• Reminder: If the Last Share Date is blank, the cells here will also display a blank by design if you are using the first equation. You'll have to click on the cell manually to double-check that the equation is there. It should update automatically once a Last Share Date is added.

The neat thing about this is that every time Excel is modified, in any cell, these equations should update automatically (there is a way to turn this feature off in Excel, but I believe it should be on as a default). So if you come back to your file tomorrow, that 0 should automatically update to a 1 and so on. Neat, right?

One of the reasons we put 01/01/2000 as a placeholder for new and/or articles with unknown last share dates is that, as of the time we published this article, it has been over 7,000 days since then. So column C for Days Since should display a stupidly high number (> 7,000) here whereas articles that have been shared may have dates of 1, 10, or 100 days- much smaller by comparison.

The last step here is to simply highlight all your data (click the A column and then hold the shift key and click the D column to highlight all the data below it) and then apply a filter. This can be achieved on the Data tab with the sub-button Filter directly in Excel.

When you do this, arrows pointing down will appear in Row #1 (which should be your labels). Click the down arrow next to Days Since and click the option “Sort Largest to Smallest”. Now all your articles will be organized by the highest Days Since to the lowest and you can easily see what articles haven't been shared in a few weeks, months, or even years.

Easy! And, perhaps even better, those unshared posts that have a date of > 7,000 will always be at the top- a great reminder that they still need to be shared.

It is worth noting that unlike the Days Since calculation, which updates automatically, the sort function is a manual action. The rest of the data will update accordingly as you use this sheet, but you'll want to periodically re-sort to push the older articles back to the bottom. We do this every week or so but your mileage may vary based on how frequently you share content.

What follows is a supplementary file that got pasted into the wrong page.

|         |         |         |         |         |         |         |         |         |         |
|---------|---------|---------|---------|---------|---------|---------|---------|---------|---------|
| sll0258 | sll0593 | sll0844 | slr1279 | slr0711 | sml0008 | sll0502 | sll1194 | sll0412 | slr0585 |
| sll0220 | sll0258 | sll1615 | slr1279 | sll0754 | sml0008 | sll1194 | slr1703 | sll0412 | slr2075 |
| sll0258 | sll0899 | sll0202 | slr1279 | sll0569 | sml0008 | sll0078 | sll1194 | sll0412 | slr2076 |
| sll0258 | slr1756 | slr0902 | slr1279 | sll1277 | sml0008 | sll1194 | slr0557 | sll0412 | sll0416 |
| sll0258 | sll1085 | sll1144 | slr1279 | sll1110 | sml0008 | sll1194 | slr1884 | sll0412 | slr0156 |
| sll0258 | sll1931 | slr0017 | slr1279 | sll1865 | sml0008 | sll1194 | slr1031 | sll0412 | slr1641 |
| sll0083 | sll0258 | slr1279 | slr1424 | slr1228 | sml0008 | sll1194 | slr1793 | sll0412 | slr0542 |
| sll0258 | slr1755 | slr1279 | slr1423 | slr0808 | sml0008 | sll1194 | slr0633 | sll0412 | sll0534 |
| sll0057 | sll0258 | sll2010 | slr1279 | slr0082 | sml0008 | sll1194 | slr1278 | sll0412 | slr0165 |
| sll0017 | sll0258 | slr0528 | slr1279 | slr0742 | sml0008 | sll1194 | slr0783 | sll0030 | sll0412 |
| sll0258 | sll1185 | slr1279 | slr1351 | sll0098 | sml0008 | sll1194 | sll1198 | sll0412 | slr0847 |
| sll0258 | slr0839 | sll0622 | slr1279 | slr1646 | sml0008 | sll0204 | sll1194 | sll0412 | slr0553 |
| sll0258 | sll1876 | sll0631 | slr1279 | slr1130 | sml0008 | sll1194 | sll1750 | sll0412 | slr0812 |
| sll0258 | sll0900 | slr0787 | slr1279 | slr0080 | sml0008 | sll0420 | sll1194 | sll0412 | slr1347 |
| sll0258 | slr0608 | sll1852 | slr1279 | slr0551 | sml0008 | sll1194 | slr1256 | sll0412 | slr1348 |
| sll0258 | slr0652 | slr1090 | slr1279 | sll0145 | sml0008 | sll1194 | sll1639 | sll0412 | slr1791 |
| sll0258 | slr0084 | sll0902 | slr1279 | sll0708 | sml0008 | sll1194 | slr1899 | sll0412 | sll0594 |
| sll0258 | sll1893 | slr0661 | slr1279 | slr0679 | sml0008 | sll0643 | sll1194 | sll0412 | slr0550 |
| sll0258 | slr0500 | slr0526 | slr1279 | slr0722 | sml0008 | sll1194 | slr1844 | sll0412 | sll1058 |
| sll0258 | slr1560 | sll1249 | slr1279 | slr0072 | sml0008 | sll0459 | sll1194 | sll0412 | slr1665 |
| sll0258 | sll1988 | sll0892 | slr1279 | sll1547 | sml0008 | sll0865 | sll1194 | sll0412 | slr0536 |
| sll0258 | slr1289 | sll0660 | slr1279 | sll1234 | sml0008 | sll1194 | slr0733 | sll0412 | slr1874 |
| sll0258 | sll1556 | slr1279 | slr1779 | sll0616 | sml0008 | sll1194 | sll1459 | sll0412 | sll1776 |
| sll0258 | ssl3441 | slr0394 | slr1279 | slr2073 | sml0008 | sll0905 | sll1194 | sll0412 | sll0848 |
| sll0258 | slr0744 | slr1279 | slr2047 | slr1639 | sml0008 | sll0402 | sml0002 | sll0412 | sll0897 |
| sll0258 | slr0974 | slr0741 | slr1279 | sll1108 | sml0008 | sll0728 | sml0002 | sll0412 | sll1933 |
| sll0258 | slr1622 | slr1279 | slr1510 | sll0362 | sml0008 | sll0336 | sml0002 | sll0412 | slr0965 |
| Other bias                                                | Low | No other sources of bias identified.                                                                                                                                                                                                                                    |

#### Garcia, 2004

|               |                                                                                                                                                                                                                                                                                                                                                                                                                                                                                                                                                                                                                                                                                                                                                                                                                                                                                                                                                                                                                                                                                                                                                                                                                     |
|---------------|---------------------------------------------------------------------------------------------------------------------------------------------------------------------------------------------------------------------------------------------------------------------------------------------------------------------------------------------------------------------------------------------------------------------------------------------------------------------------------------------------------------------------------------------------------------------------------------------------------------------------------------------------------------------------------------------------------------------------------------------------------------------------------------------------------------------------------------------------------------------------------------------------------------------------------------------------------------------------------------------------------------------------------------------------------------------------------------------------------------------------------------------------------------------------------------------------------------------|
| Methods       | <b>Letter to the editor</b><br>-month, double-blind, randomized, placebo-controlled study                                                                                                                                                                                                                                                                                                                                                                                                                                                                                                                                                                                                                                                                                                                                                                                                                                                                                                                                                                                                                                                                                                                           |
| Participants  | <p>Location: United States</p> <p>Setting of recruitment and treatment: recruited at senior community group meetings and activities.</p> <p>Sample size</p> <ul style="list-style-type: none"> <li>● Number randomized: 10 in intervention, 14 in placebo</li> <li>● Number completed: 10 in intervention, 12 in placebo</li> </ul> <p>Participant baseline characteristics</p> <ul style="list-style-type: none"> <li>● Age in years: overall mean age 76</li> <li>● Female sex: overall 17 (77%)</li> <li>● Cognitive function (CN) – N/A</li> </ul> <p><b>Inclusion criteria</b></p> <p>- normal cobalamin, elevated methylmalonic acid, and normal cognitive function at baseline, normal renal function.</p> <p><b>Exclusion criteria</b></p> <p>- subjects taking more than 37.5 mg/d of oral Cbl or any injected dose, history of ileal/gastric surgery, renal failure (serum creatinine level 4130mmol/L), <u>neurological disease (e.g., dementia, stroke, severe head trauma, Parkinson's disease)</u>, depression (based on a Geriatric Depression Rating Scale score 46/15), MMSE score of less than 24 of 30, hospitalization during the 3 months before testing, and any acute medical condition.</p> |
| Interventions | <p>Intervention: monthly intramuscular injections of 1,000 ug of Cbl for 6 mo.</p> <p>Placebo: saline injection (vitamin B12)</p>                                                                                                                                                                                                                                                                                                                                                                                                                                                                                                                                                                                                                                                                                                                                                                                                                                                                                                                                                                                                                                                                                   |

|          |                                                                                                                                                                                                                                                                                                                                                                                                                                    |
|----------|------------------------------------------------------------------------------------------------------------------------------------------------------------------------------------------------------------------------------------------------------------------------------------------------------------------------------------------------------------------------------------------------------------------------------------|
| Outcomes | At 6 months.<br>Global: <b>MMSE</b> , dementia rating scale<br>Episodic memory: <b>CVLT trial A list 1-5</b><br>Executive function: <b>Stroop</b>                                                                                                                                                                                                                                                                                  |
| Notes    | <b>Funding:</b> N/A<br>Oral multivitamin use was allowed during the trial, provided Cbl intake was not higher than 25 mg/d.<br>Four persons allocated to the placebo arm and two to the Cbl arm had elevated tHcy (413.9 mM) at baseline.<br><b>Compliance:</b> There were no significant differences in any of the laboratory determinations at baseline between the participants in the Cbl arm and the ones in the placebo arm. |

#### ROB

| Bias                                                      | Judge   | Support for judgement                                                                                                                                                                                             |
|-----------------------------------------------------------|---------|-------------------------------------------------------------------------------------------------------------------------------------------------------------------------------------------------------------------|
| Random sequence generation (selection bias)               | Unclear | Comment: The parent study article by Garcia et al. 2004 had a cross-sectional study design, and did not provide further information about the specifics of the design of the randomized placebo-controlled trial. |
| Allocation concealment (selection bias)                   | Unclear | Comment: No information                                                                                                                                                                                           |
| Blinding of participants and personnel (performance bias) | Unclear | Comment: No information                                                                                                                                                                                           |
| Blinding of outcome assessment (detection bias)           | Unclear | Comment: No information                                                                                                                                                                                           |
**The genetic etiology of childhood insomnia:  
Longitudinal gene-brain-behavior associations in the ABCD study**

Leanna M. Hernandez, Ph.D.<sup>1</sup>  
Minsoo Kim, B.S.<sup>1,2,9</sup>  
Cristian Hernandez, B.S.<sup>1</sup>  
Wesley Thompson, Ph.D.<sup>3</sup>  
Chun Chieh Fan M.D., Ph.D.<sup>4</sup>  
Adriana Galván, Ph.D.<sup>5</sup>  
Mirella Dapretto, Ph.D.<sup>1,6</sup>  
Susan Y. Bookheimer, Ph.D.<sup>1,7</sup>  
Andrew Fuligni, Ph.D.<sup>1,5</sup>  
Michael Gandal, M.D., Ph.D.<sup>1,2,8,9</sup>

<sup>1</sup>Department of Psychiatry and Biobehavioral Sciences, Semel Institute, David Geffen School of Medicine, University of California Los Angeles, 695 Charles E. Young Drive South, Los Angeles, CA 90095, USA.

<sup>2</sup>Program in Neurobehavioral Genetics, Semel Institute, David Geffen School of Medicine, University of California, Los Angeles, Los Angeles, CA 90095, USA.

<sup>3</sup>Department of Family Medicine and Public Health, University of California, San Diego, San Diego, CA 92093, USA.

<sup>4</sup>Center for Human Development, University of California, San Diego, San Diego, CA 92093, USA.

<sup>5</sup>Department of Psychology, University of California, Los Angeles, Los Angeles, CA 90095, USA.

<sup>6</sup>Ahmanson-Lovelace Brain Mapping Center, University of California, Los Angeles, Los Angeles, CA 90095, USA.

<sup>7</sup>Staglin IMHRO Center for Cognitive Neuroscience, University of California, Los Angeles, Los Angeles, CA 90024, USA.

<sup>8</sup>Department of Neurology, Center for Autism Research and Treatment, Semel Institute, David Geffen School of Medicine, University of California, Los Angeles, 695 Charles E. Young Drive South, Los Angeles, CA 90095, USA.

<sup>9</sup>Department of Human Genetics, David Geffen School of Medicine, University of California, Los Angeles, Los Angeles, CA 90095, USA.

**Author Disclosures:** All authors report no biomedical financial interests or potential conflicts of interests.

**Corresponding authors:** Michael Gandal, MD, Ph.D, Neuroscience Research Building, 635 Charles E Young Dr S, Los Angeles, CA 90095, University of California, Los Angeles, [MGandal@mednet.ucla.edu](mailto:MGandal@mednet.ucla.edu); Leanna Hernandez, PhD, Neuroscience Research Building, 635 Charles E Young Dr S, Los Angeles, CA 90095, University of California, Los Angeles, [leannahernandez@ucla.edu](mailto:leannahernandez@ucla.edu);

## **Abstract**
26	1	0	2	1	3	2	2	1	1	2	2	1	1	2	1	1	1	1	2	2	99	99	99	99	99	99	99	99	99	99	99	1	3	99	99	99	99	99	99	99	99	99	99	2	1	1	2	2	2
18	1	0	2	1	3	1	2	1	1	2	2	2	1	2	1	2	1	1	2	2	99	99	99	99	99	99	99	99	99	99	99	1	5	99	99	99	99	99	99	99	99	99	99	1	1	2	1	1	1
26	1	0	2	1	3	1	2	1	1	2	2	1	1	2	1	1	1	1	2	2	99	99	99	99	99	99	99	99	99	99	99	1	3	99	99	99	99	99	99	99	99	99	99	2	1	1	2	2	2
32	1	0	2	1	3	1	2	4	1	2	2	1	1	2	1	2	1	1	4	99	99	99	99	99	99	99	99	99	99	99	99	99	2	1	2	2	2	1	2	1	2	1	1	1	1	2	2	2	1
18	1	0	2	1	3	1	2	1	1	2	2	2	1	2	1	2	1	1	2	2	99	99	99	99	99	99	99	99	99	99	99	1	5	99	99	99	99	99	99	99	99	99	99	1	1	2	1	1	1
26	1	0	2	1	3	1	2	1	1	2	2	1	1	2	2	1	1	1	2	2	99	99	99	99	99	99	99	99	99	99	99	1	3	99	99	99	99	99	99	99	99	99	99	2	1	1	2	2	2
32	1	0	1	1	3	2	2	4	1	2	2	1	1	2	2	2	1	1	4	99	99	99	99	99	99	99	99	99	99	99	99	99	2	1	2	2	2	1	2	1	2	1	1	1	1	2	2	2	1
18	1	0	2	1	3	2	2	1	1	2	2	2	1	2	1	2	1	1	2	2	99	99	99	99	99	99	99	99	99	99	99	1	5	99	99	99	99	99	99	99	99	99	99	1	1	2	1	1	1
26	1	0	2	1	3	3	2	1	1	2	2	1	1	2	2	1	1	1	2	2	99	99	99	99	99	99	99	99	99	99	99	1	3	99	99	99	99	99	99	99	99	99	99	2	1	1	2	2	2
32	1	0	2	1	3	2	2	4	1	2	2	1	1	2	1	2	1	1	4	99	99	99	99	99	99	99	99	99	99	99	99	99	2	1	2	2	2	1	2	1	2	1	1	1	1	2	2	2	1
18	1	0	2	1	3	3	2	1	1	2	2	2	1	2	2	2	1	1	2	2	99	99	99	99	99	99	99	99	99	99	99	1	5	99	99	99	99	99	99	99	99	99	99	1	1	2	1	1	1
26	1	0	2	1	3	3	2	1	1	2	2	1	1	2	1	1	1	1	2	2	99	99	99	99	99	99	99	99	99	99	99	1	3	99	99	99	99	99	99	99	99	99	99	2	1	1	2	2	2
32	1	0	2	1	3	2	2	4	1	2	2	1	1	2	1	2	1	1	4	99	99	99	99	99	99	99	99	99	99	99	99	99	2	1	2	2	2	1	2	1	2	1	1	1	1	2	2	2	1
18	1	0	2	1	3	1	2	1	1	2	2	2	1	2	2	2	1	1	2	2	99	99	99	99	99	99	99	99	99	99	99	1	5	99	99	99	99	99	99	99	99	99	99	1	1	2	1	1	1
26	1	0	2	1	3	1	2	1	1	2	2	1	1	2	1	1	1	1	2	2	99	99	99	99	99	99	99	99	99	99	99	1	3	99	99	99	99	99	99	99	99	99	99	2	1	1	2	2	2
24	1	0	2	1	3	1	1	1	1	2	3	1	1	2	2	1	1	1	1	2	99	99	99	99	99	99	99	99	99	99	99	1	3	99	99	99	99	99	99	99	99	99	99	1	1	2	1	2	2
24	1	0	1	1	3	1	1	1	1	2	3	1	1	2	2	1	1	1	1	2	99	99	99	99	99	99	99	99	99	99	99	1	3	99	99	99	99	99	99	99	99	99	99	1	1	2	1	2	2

Conditional Formatting in Content Calendar

As an added layer, you may also want to play around with the Conditional Formatting rules in the Days Since column to color-code the boxes for articles to help give a visual cue as well. We color code anything green that has been shared > 60 days (ready to share again), yellow 30-60 days (possibly can share again), and red < 30 days (wait to share). This is a great visual cue in addition to the numbers, and updates automatically as well.

Once your sheet is built, there are really only three things you need to do to manage it over time:

  • Add new links as articles are published.
  • Change the Last Share Date for existing articles whenever you share it.
  • Sort the Days Since column periodically to re-organize your articles.

We primarily use this for Facebook shares of articles, but we also have a similar setup for image shares on Facebook as well. You can repeat this process as you like for any social network you regularly share to and it really helps you keep your content calendar streamlined!

So, there you have it, our quick way for creating a content calendar to re-share evergreen content on our social media channels.

How do you go about organizing a content calendar? Do you use a process like the above or something different? Comment below to share your steps!

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3 thoughts on “How to Create a Makeshift Content Calendar in Excel”

    • Wow, good catch! Apparently Excel doesn’t recognize the quotes (“”) in our equation if you copy and paste it directly. When I tested this article, I would type in the equation manually and didn’t come across this issue. So there are a few options here (which I’ve also added into the article):

      1) Type in the equation manually when building the Excel sheet.
      2) Copy and paste the equation but then delete and retype the quotes such that they’ll be in Excel’s preferred format.

      The equation you posted in a separate comment also works too, so it is a good alternative! The only caveat here is that its worth noting that if the Last Share date is blank, it will return a really high number. Excel defaults a base number here which appears to be Jan 1, 1900 (the first date most calculations start as a base reference point). Just worth noting in case a really high number ever pops up!